She was amazing for a woman who lived such a simple life.

Thank you for sharing, Patrice.

Jakki L · August 11, 2011 at 12:46 pm

Lovely post! I have to agree. I love that Austen’s characters are not only complex but are adaptable to modern times (allowing authors to write modern variations)!

Farah Khan · August 11, 2011 at 12:49 pm

It is always a great pleasure to meet our fellow Janeite. Although Sense and Sensibility is my most favorite but after reading your post I would like to read Mansfield Park once more.I like Emma too because Jane has given each of her heroine a completely different personality like the different shades of flowers. Some are light and sweet where as others are bright and sour.On whole, every flower is beautiful in it’s place. I am sure ‘The Unexpected Miss Bennet’ will be an amazing piece of work and I would really like to read it.(;

araminta18 · August 11, 2011 at 4:01 pm

Mansfield Park is definitely not my favorite, although I liked it better after writing a paper showing how Fanny was actually a passive-aggressive gothic heroine… 🙂 Hadn’t noticed the similarities between it and An Old-Fashioned Girl though (but it has been a while since I read Old Fashioned Girl)–I do remember liking Polly better than Fanny though….

Patrice Sarath · August 11, 2011 at 4:26 pm

Wow, everyone! What wonderfully thoughtful comments. I feel like I’m in a book club with excellent wine and snacks and people who have read the books. ; -)

Keep the comments coming — this is great. It has made me want to re-read Mansfield Park and An Old-Fashioned Girl and see if Fanny really is a wuss or if she is a passive-aggressive gothic heroine as Araminta so eloquently put it.

Pamela · August 11, 2011 at 5:42 pm

What have I learned from Jane Austen novels? I guess to sum it all up, true love endures. ~ I hadn’t thought of Mansfield Park as being the most similiar to Jane Austen’s way of life. But, I agree with you. Mansfield Park is not my favorite. I think it is because I see Fanny as having a bad case of low self-esteem. Which let’s face it, many people have. Once upon a time I did too. Now I think I’m more like Lizzy. Lol. So, I have compassion for Fanny. ~ Persuasion is my all-time favorite. It’s a great love story. Dare I compare it to The Scarlet Pimpernell? I enjoyed your rambles. Thanks!

Elaine Dale · August 11, 2011 at 7:34 pm

That Jane still speaks to us in the 21st century is a testament to our love of “love” and our love of the wonderful characters she gave us for all time.

I’m just reading my first ever piece of Jane fan fiction and am delighted with the experience.

faith hope & cherrytea · August 11, 2011 at 8:49 pm

‘She was not really a modern timeless woman, but a woman of her era, as we all are. Austen was a staunch Christian and daughter of a rector.’
is exactly what i think too many of the current authors miss in their understanding of JA. leaving them to present their misunderstandings when they don’t ‘get’ it and write novels that are too ‘off’ the reality of Jane. those i find disappointing and wonder how they can miss this? if they are truly janeites… or just trading on her good name for publication of their version …
really enjoyed your insights!
What have you learned from Jane Austen? hope & perseverance pay. check {or chuck!} my pride and prejudice. hold out for true love. develop discernment…
thx for participating with us ~
any ‘Persuasion’ lover is a friend of mine “)

Valerie R. · August 11, 2011 at 11:50 pm

Enjoyed your rambles! 😉 Add me to the list of those whose favorite is NOT Mansfield Park… I don’t know what it is about the story, but it just doesn’t grab me. I do love the love/hate relationships I find with JA’s characters. What have I learned from JA?? I think it would be that love isn’t always “obvious”, to be patient and it’ll present itself to you.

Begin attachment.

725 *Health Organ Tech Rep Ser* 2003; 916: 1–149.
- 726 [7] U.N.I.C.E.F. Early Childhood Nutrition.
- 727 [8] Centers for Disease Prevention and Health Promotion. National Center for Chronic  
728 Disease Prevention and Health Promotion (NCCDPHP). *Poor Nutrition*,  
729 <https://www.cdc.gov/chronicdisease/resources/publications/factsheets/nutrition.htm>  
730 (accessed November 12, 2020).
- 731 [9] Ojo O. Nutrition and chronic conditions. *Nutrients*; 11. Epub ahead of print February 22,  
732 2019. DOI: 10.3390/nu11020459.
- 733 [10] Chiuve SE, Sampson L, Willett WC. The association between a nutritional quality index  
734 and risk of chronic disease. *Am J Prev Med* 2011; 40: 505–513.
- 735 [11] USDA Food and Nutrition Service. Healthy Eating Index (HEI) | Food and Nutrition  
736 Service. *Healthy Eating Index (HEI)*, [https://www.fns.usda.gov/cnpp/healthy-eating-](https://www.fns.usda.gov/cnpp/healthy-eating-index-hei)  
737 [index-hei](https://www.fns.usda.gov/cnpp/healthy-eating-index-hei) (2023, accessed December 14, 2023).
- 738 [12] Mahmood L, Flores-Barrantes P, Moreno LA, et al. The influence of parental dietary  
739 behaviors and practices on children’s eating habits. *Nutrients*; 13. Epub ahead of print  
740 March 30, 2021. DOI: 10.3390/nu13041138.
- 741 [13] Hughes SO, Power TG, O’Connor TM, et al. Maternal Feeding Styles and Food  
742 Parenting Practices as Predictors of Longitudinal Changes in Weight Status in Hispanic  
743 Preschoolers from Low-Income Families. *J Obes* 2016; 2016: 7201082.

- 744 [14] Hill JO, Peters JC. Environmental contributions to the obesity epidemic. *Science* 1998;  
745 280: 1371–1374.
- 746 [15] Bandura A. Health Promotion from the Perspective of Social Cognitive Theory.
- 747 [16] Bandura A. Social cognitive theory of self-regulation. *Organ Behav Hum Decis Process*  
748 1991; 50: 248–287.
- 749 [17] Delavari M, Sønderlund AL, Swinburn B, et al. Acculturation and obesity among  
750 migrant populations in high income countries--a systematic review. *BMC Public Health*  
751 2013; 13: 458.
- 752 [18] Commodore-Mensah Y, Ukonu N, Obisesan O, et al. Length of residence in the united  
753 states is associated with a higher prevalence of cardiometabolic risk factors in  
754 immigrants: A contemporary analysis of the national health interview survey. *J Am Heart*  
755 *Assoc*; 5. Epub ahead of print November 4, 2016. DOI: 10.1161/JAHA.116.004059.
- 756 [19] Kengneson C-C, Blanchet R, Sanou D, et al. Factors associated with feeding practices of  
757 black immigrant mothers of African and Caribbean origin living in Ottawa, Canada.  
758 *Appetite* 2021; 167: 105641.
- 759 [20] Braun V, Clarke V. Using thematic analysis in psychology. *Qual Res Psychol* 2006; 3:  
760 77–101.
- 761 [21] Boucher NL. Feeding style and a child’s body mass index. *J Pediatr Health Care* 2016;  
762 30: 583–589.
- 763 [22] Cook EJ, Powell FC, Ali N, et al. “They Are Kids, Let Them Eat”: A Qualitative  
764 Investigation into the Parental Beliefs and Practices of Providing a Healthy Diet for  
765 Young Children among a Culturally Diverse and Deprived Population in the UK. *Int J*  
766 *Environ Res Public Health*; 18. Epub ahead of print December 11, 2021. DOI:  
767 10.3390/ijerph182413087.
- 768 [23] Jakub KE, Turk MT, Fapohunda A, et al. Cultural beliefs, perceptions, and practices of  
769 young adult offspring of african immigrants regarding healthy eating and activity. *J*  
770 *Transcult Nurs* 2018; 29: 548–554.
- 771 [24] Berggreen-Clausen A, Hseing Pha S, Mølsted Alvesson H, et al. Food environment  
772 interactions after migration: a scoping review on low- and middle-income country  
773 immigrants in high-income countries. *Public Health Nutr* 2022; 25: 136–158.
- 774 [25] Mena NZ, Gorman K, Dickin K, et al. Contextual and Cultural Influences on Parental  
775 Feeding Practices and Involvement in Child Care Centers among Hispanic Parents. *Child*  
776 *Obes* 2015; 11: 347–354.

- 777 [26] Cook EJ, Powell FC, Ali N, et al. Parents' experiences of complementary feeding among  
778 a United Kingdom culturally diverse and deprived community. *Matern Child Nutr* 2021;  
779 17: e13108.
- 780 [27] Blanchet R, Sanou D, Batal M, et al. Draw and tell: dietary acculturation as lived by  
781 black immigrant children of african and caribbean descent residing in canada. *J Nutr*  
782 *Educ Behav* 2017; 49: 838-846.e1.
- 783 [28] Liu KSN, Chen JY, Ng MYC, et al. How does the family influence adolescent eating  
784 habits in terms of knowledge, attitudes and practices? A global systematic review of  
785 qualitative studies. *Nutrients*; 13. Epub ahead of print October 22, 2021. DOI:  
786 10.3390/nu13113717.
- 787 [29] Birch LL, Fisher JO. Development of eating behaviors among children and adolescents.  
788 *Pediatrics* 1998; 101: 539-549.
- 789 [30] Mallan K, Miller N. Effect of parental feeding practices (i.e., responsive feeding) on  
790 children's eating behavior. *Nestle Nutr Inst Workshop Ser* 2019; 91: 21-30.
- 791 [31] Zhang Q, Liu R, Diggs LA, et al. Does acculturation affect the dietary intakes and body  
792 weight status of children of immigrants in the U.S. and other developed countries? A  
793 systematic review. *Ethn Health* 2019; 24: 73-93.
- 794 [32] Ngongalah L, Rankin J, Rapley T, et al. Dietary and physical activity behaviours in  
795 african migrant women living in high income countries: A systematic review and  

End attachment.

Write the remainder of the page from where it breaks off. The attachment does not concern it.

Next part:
Sybil · August 12, 2011 at 12:24 am

I think your right about Alcott retelling Austen stories. You’re also right about how well Austen translates to modern times. You’re points make me want to read your book, and I will add it to my ever growing wish list. I’ll also add your blog to my check often list. Thanks!

Patrice Sarath · August 12, 2011 at 7:10 am

Thanks everyone for your comments! Sybil, what do you think are some of the other Austenesque novels that Alcott wrote? I can only think of Mansfield Park, but I haven’t read all of Louisa May Alcott.

Meredith (Austenesque Reviews) · August 12, 2011 at 8:42 am

Thank you so much for being a part of Austenesque Extravaganza, Patrice! I completely agree with you about every time you reread JAne Austen you discover something new. I love that about Jane Austen! So many subtlties and new discoveries!

Patrice Sarath · August 12, 2011 at 10:59 am

Thanks, Meredith! This has been a blast.

Monica Fairview · August 12, 2011 at 2:51 pm

Fascinating, Patrice. I would never have thought of connecting Alcott and Austen, but then, I haven’t read An Old Fashioned Girl. Your novel sounds intriguing, too, especially (but not only) because we were both published initially by Hale. They don’t take on many Austen sequels!

Chelsea B. · August 12, 2011 at 5:41 pm

This post was lots of fun to read!! 🙂

Margaret · August 17, 2011 at 7:09 pm

I agree that Mansfield Park is probably as close to the real Jane’s as her novels get. I did like it but not my favorite. I never read the Louisa May Alcott book that is similar I’ll have to read that one. Thanks for the post!

Lúthien84 · September 1, 2011 at 12:08 pm

I think you hit the nail when you mentioned that Austen’s characters are timeless whether it was a few hundred years ago or at the present moment. I too love Persuasion and feel that JA has matured in her writing when she was taken away from us too soon. You have a good point about Mansfield Park not being a favourite with most of us. I have not ventured to complete it but only managed the first chapter before giving up. Maybe I need to find the right time and mood to really appreciate JA’s genius in it. I thought you would include all of JA’s novels but you barely touch on Sense & Sensibility and Northanger Abbey.

Patrice Sarath · September 1, 2011 at 12:20 pm

I’m actually not a huge fan of Sense & Sensibility, although I love Northanger Abbey and even mention it in The Unexpected Miss Bennet as a sort of in-joke. But S&S is too close to Pride & Prejudice, as if Austen is repeating herself. That said, since Austen has never written a bad book, it’s not as if it’s badly written. It just doesn’t work for me as well as the others.

My goal is to re-read Mansfield Park this fall, in between all the other books I recently picked up. And then I will report back. Does it get better on re-reading? Stay tuned…

Giveaway of The Unexpected Miss Bennet!!! | Austenesque Reviews · March 26, 2013 at 12:35 pm

[…] Patrice Sarath through Austenesque Extravaganza.  I was so pleased to have Patrice take part in a Touring Thursday and a Sociable Sunday!  Soon after that she asked me to read and review her novel The Unexpected […]

Touring Thursday – #2 | Austenesque Reviews · March 26, 2013 at 1:58 pm

[…] Patrice Sarath – The Unexpected Miss Bennet […]

Leave a Reply

Your email address will not be published.

This site uses Akismet to reduce spam. Learn how your comment data is processed.